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#Strikefastfood protests spread to more than 100 U.S. cities

Rebecca Bracken is a news and views writer.






Fast-food workers strike and demand $15 per hour and a union

Do you make less than $15 per hour? The fast-food workers of America think you're worth more.

Fast-food protests are growing across the country, as one of the largest employment sectors in the U.S. demands a $15 per hour wage and union representation.

Acts of protest and civil disobedience have spread to more than 100 cities, from New York to Chicago, Richmond, Houston and Detroit. According to the group organizing the pickets, Fast Food Forward, the protests have shut down 42nd Street in New York, and arrests have been made in New York, Philadelphia and Detroit.

The labor movement is backed by the Service Employees International Union and is aimed at large fast-food chains, including Wendy's, Burger King and, of course, the heavyweight, McDonald's. Their message to these corporations is simple: "Low pay is not OK."

"There has to be civil disobedience, because workers don't see any other way to get $15 an hour and a union," Kendall Fells, organizing director of Fast Food Forward, told USA Today. "There's a long history of this, from the civil rights movement to the farm workers movement."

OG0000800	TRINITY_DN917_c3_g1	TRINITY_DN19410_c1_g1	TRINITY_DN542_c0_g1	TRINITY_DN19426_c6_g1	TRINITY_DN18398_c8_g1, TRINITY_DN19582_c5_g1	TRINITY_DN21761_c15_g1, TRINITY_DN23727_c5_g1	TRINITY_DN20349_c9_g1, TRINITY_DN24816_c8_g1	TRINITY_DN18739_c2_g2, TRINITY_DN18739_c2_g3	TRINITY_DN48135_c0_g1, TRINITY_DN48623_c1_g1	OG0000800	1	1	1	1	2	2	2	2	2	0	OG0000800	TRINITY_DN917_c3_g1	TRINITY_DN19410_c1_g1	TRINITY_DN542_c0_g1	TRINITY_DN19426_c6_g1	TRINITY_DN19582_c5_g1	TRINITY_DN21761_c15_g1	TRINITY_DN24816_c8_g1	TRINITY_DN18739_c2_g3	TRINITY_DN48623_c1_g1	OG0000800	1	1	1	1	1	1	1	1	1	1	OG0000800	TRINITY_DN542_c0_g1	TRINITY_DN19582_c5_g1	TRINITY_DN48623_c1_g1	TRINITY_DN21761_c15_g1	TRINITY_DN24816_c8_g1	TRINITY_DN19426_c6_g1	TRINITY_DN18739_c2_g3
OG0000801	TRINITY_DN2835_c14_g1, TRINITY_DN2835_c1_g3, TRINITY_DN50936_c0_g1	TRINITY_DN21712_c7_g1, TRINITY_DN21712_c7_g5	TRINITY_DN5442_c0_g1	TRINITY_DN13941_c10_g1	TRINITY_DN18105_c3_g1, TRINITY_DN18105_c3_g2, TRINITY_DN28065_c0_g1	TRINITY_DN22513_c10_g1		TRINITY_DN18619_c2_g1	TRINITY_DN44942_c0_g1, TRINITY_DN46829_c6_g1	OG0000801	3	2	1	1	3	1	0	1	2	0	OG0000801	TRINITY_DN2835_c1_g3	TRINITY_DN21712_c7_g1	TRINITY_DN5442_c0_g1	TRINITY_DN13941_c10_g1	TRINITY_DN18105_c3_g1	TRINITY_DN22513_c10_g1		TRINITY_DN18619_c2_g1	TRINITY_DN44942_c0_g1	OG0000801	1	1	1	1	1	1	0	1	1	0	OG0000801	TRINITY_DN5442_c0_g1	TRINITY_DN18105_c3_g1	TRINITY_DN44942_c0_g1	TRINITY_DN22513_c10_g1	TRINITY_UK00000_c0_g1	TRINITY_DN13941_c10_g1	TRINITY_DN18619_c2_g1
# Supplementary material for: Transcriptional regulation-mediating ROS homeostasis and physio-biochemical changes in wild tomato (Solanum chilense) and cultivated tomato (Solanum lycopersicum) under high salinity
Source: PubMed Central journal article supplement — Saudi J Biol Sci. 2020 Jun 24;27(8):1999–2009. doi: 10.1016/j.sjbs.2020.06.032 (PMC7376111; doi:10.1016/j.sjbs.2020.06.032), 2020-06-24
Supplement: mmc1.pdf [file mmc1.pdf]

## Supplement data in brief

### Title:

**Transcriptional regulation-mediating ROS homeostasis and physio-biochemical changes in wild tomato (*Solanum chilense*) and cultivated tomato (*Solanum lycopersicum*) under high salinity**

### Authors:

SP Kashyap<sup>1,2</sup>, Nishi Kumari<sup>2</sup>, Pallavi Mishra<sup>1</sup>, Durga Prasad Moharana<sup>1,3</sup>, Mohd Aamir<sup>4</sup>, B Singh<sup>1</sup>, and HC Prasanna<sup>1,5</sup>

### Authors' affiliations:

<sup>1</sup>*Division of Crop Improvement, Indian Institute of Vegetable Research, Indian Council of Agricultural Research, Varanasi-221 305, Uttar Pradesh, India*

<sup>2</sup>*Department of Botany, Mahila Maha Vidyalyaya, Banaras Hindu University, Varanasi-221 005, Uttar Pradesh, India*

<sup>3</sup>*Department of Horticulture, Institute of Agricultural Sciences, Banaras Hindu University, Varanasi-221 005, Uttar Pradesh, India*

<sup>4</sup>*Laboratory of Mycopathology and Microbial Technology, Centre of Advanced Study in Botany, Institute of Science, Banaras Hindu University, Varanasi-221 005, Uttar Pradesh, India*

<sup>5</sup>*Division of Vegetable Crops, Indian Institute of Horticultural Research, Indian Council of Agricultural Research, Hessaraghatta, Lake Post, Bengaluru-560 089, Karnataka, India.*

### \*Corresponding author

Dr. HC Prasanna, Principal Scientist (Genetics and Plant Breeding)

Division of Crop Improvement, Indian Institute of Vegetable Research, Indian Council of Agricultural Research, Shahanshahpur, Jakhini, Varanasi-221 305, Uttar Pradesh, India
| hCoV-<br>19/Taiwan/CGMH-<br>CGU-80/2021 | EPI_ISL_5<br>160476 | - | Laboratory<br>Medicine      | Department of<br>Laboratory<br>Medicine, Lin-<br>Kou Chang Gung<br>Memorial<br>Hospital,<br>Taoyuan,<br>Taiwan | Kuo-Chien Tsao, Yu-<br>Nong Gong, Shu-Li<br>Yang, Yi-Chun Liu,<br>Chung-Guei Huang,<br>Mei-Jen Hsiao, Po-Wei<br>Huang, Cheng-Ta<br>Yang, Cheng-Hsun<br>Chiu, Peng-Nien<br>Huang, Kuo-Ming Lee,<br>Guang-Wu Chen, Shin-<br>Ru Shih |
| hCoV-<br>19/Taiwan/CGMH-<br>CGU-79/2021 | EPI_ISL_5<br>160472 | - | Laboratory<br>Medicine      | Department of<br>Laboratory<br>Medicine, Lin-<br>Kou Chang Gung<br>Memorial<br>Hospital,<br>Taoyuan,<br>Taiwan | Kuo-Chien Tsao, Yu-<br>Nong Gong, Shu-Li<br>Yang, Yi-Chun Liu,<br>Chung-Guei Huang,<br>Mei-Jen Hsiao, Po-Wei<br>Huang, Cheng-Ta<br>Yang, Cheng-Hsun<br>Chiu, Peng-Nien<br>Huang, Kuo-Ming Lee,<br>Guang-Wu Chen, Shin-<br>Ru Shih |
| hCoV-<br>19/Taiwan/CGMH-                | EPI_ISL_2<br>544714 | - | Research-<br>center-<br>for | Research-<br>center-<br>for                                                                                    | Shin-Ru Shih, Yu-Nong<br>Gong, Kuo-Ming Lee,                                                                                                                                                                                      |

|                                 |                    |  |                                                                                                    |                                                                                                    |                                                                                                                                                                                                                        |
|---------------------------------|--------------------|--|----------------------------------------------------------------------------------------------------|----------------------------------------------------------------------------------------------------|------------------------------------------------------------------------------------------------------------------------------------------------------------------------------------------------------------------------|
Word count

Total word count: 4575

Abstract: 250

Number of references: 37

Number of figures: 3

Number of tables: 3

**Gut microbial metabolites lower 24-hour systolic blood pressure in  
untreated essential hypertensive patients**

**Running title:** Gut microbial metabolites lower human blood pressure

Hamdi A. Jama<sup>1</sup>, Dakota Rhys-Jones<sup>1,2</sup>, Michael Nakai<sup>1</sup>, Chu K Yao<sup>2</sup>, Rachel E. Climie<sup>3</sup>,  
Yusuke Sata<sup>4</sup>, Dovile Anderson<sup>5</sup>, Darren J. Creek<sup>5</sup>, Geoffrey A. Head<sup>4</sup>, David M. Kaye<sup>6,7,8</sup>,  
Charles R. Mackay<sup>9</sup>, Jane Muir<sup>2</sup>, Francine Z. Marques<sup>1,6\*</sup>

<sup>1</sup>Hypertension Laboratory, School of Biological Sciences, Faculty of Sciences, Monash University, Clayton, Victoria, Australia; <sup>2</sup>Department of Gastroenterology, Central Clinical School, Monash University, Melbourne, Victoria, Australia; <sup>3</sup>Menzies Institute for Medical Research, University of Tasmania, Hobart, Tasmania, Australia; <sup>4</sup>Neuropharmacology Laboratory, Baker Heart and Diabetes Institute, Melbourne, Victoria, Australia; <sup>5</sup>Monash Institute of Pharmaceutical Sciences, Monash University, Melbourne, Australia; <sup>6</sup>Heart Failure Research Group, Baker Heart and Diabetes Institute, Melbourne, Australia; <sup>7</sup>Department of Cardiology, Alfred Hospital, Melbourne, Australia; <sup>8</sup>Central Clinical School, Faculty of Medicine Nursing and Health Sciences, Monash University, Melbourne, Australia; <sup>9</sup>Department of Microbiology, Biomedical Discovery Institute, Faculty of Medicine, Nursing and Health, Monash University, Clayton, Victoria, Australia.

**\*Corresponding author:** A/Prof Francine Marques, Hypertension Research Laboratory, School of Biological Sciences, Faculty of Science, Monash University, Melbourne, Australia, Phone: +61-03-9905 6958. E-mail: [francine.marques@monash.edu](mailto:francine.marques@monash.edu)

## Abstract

The protests, naturally, have also taken on a social media life of their own under the hashtag #strikefastfood.

Protesters and supporters of #strikefastfood are documenting arrests on social media in real time.

And for those who think fast-food jobs are just entry-level summer gigs for kids, take a look at this:

According to the U.S. Department of Labor statistics in 2012, more than 4.4 million Americans held fast-food jobs, with a median pay of $8.84 per hour. Americans should be paid a livable wage for a day's work, and fast-food workers have banded under the slogan "Whatever it takes" to get a minimum of $15 per hour and a union. Let's all show a little solidarity and skip that burger and fries today. It won't cost you a thing and will help lift millions out of working poverty. That's a pretty good deal.

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